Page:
By Dr Lee Wei Hum- Vaping has recently risen to the forefront of national concern in Malaysia and worldwide. As the prevalence of vaping increases so does the heightened concern about its impact on health and wellbeing. Along this emerging trend, one salient finding from the National Health and Morbidity Survey is a dramatic shift in the smoking behaviour of the young generation with a significant increase in vaping among those aged 13 to 17 years old, rising from 9.8% in 2017 to 14.9% in 2022 while cigarette smoking decreased for boys but not for girls. Girls’ smoking has recorded an increase more than double from 2.6% in 2016 Tobacco and E-cigarette Survey Among Malaysian Adolescents (TECMA) 2016 to 5.3% with an increase of 2.7% in 2017 from the Adolescent Health Survey.
Tobacco companies have been targeting the young generation as they attempt to normalise tobacco use and promote vaping to continue to be in the lucrative business. The industry has been studying the attitudes, lifestyles, values, aspirations, and social patterns of the young generation with a view towards making vaping, and by extension smoking, a socially acceptable youth activity. So, to sustain their business, they need to promote their products, especially vaping.
Many of the young generation vape because they want to try something new, attracted to the taste and smells of the flavours in vaping liquids and the misbelief that vaping is safer than conventional cigarettes. Studies have shown they will continue to vape or smoke and will only consider quitting when they face health problems. They also have low motivation to quit vaping as they think they will not get addicted.
Another concern is that vaping among the youth is associated with cigarette smoking, alcohol use and drug use, indicating that vaping may be a gateway to using other substances. Studies have also highlighted that role of family such as poor parental monitoring and parental divorce were associated with vaping behaviour, while having good parental connectedness was protective against vaping among the young.
The Ministry of Health has taken various initiatives to denormalise vaping and smoking and one of its major efforts is to work towards achieving the Generational End Game (GEG) through legislation to control the use, possession and sale of cigarettes and vape products. The GEG has the vision to build a tobacco-free generation in Malaysia. Its realisation will reduce the number of vapers and smokers, curb addiction and save lives and improve the wellbeing of our future generations.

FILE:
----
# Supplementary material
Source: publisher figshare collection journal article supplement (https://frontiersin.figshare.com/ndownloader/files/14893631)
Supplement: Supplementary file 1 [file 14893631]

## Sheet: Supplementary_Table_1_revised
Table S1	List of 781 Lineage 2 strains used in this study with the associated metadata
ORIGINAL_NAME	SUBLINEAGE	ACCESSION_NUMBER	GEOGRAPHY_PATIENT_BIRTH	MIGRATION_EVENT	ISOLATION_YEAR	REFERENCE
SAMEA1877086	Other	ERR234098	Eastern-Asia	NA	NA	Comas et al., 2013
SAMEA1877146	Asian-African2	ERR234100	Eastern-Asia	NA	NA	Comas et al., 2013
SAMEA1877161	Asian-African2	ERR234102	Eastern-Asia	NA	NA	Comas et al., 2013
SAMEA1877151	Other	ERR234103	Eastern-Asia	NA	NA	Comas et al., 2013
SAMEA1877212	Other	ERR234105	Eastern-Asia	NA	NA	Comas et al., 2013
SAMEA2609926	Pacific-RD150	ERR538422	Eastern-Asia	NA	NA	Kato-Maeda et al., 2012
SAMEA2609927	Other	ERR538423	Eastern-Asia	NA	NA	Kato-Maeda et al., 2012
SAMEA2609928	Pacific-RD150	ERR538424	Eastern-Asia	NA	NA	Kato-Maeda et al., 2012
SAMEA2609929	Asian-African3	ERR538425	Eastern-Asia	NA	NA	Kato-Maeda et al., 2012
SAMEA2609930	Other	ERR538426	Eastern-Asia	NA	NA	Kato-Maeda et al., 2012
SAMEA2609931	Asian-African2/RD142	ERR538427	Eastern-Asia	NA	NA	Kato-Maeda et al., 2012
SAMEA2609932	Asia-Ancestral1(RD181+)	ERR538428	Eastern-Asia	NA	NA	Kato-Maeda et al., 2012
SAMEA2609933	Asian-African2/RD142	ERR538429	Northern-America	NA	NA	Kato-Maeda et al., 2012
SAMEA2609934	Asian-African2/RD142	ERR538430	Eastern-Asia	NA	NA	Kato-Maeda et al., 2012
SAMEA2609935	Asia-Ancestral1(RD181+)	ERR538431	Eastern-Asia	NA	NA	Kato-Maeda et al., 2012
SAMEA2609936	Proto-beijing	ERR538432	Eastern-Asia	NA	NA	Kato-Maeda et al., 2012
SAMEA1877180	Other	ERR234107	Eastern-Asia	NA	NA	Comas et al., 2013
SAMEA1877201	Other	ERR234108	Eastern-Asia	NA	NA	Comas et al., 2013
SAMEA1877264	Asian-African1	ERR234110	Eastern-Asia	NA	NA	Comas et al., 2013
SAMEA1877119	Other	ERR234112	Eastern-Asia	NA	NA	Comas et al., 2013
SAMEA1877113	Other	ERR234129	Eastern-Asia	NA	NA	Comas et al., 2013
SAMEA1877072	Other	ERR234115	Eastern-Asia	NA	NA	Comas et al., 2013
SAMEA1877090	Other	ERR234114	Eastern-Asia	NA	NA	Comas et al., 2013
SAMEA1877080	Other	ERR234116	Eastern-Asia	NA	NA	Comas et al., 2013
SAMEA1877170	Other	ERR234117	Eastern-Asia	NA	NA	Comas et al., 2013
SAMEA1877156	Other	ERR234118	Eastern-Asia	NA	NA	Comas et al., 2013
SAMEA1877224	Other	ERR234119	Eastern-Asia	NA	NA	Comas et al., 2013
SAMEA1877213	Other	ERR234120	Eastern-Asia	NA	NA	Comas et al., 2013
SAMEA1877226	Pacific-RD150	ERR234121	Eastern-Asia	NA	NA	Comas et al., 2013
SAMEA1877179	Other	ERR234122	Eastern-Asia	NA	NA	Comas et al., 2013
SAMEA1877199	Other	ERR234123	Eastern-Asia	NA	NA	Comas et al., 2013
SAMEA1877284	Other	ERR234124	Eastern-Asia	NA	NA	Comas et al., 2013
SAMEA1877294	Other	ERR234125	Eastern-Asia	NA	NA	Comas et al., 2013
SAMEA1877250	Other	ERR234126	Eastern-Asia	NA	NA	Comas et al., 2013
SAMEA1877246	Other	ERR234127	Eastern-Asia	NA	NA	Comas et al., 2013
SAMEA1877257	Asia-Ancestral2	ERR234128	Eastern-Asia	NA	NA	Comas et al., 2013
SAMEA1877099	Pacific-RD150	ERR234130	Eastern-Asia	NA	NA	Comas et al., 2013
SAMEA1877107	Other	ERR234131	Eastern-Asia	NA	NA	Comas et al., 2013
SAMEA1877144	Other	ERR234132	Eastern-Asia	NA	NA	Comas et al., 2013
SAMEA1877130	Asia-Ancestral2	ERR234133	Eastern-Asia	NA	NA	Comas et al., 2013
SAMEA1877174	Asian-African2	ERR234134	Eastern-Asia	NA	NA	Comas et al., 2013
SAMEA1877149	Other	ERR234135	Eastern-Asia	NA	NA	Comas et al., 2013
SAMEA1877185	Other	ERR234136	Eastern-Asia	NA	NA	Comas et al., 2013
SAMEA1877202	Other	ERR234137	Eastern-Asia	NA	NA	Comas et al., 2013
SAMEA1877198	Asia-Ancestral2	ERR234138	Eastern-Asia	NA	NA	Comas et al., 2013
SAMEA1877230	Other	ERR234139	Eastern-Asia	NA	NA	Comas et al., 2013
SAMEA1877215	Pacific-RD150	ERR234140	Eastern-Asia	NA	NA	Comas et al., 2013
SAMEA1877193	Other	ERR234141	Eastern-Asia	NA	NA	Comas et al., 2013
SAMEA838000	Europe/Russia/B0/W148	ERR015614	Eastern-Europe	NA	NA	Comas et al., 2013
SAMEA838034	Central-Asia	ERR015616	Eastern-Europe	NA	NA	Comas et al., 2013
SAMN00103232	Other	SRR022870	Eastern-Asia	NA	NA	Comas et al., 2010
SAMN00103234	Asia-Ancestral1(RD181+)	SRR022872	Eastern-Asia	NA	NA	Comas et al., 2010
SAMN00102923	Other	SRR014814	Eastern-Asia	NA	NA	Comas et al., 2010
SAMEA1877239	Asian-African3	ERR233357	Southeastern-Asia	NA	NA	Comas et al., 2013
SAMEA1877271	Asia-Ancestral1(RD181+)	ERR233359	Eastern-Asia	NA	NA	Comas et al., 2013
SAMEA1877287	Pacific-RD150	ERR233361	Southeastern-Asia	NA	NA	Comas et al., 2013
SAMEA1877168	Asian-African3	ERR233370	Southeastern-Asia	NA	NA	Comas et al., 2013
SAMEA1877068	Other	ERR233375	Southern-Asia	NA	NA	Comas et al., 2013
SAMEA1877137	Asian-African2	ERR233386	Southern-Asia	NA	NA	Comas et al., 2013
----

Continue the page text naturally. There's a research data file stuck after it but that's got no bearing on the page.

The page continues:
We need food, not tobacco
It is all our collective responsibility to play a part in combating the tobacco epidemic, the preventable death and disease it causes and to encourage quitting of smoking and vaping. As part of Taylor’s University’s commitment to equipping youth with the knowledge to combat this public health concern, it held a World No Tobacco Day (WNTD) event, in line with this year’s theme set by WHO: Grow food, not tobacco.
The growing food crisis is driven by conflicts and wars, climatic shocks, and the economic and social impacts of the COVID-19 pandemic. Structural causes like the choice of crop also have an impact, and tobacco growing has been found to contribute to increased food insecurity. There is a need to take measures to reduce tobacco growing and help farmers to move into the production of alternative food crops, supporting the creation of alternative livelihoods. Nine of the 10 largest tobacco cultivators worldwide are low and middle-income countries, and four of these are defined as low-income food-deficit countries. Land used to grow tobacco could be more efficiently used to achieve United Nations Sustainable Development Goals: SDG 1 to end poverty in all its forms everywhere, SDG 2 towards zero hunger and SDG 3 to ensure healthy lives and promote wellbeing for all at all ages.
In the context of our country, tobacco farming is not very significant, contributing less than 10% to the total revenue generated by our agricultural sector. The government has raised awareness in our tobacco farming communities about the benefits of moving away from tobacco and growing food crops. Kenaf (hibiscus cannabinus) is the focus of the government as an alternative for tobacco growers and aims to make the crop the third most important contributor to the national economy after rubber and palm oil. The government has also invested in research and development of the industry, from crop to final product. As one of the signatory countries to the WHO Framework Convention on Tobacco Control, our government is committed to reduce tobacco use and prevalence of smoking.
Professor Dr Wee Lei Hum is a Professor in Public Health at the School of Medicine, Faculty of Health and Medical Sciences, Taylor’s University. She is an expert in health behaviour with special interest in smoking cessation.
Source: Business Today